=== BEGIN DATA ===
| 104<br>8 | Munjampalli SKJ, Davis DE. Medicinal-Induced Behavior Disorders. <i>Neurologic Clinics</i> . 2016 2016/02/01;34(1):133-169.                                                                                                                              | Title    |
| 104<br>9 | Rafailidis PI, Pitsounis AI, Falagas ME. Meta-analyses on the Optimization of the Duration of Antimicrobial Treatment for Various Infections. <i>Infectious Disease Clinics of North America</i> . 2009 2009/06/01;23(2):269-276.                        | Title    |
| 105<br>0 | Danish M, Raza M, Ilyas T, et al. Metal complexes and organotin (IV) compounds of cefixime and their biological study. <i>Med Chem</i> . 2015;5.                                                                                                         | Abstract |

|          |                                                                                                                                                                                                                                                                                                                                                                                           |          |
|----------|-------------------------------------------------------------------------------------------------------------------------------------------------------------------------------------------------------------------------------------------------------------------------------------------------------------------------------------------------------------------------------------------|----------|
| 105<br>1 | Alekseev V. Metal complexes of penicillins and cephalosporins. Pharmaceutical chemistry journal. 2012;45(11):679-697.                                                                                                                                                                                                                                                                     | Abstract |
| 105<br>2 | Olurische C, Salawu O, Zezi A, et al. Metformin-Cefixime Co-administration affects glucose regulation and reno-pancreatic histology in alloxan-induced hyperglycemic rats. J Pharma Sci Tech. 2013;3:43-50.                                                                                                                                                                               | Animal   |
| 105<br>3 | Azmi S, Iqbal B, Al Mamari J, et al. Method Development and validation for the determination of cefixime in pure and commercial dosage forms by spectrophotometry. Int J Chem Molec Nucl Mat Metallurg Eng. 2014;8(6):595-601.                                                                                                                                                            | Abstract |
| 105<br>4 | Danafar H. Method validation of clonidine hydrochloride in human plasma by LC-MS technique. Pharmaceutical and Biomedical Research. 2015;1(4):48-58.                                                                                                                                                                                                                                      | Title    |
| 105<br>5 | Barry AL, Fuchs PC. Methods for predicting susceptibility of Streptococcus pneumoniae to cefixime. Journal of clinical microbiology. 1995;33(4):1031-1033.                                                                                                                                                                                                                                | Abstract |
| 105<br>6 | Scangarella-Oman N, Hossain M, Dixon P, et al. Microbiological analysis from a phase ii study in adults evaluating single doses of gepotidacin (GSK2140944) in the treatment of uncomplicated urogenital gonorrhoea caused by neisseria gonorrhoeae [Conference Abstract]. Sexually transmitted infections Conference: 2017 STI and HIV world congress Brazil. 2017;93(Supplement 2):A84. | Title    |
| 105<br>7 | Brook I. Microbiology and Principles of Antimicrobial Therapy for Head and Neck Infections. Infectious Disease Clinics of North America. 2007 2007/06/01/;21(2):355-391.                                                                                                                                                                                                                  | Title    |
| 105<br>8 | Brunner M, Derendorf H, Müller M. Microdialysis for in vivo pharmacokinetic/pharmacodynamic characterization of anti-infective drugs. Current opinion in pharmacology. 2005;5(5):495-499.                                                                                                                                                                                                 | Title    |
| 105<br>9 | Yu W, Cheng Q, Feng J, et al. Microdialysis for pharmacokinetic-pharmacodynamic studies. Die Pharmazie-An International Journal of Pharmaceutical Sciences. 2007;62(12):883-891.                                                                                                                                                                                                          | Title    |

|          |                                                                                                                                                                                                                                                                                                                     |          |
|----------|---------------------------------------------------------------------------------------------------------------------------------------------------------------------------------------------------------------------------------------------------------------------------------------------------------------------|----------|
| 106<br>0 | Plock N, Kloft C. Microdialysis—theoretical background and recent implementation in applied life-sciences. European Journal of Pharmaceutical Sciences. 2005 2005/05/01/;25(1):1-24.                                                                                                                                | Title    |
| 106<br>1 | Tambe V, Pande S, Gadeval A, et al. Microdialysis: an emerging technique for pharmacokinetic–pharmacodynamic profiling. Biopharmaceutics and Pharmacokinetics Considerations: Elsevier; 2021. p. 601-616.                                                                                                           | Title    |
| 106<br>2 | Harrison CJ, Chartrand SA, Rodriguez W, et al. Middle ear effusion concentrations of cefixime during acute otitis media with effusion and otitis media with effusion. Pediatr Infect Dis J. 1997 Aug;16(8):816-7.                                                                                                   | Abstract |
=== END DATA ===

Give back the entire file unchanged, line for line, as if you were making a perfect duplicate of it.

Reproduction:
| 104<br>8 | Munjampalli SKJ, Davis DE. Medicinal-Induced Behavior Disorders. <i>Neurologic Clinics</i> . 2016 2016/02/01;34(1):133-169.                                                                                                                              | Title    |
| 104<br>9 | Rafailidis PI, Pitsounis AI, Falagas ME. Meta-analyses on the Optimization of the Duration of Antimicrobial Treatment for Various Infections. <i>Infectious Disease Clinics of North America</i> . 2009 2009/06/01;23(2):269-276.                        | Title    |
| 105<br>0 | Danish M, Raza M, Ilyas T, et al. Metal complexes and organotin (IV) compounds of cefixime and their biological study. <i>Med Chem</i> . 2015;5.                                                                                                         | Abstract |

|          |                                                                                                                                                                                                                                                                                                                                                                                           |          |
|----------|-------------------------------------------------------------------------------------------------------------------------------------------------------------------------------------------------------------------------------------------------------------------------------------------------------------------------------------------------------------------------------------------|----------|
| 105<br>1 | Alekseev V. Metal complexes of penicillins and cephalosporins. Pharmaceutical chemistry journal. 2012;45(11):679-697.                                                                                                                                                                                                                                                                     | Abstract |
| 105<br>2 | Olurische C, Salawu O, Zezi A, et al. Metformin-Cefixime Co-administration affects glucose regulation and reno-pancreatic histology in alloxan-induced hyperglycemic rats. J Pharma Sci Tech. 2013;3:43-50.                                                                                                                                                                               | Animal   |
| 105<br>3 | Azmi S, Iqbal B, Al Mamari J, et al. Method Development and validation for the determination of cefixime in pure and commercial dosage forms by spectrophotometry. Int J Chem Molec Nucl Mat Metallurg Eng. 2014;8(6):595-601.                                                                                                                                                            | Abstract |
| 105<br>4 | Danafar H. Method validation of clonidine hydrochloride in human plasma by LC-MS technique. Pharmaceutical and Biomedical Research. 2015;1(4):48-58.                                                                                                                                                                                                                                      | Title    |
| 105<br>5 | Barry AL, Fuchs PC. Methods for predicting susceptibility of Streptococcus pneumoniae to cefixime. Journal of clinical microbiology. 1995;33(4):1031-1033.                                                                                                                                                                                                                                | Abstract |
| 105<br>6 | Scangarella-Oman N, Hossain M, Dixon P, et al. Microbiological analysis from a phase ii study in adults evaluating single doses of gepotidacin (GSK2140944) in the treatment of uncomplicated urogenital gonorrhoea caused by neisseria gonorrhoeae [Conference Abstract]. Sexually transmitted infections Conference: 2017 STI and HIV world congress Brazil. 2017;93(Supplement 2):A84. | Title    |
| 105<br>7 | Brook I. Microbiology and Principles of Antimicrobial Therapy for Head and Neck Infections. Infectious Disease Clinics of North America. 2007 2007/06/01/;21(2):355-391.                                                                                                                                                                                                                  | Title    |
| 105<br>8 | Brunner M, Derendorf H, Müller M. Microdialysis for in vivo pharmacokinetic/pharmacodynamic characterization of anti-infective drugs. Current opinion in pharmacology. 2005;5(5):495-499.                                                                                                                                                                                                 | Title    |
| 105<br>9 | Yu W, Cheng Q, Feng J, et al. Microdialysis for pharmacokinetic-pharmacodynamic studies. Die Pharmazie-An International Journal of Pharmaceutical Sciences. 2007;62(12):883-891.                                                                                                                                                                                                          | Title    |

|          |                                                                                                                                                                                                                                                                                                                     |          |
|----------|---------------------------------------------------------------------------------------------------------------------------------------------------------------------------------------------------------------------------------------------------------------------------------------------------------------------|----------|
| 106<br>0 | Plock N, Kloft C. Microdialysis—theoretical background and recent implementation in applied life-sciences. European Journal of Pharmaceutical Sciences. 2005 2005/05/01/;25(1):1-24.                                                                                                                                | Title    |
| 106<br>1 | Tambe V, Pande S, Gadeval A, et al. Microdialysis: an emerging technique for pharmacokinetic–pharmacodynamic profiling. Biopharmaceutics and Pharmacokinetics Considerations: Elsevier; 2021. p. 601-616.                                                                                                           | Title    |
| 106<br>2 | Harrison CJ, Chartrand SA, Rodriguez W, et al. Middle ear effusion concentrations of cefixime during acute otitis media with effusion and otitis media with effusion. Pediatr Infect Dis J. 1997 Aug;16(8):816-7.                                                                                                   | Abstract |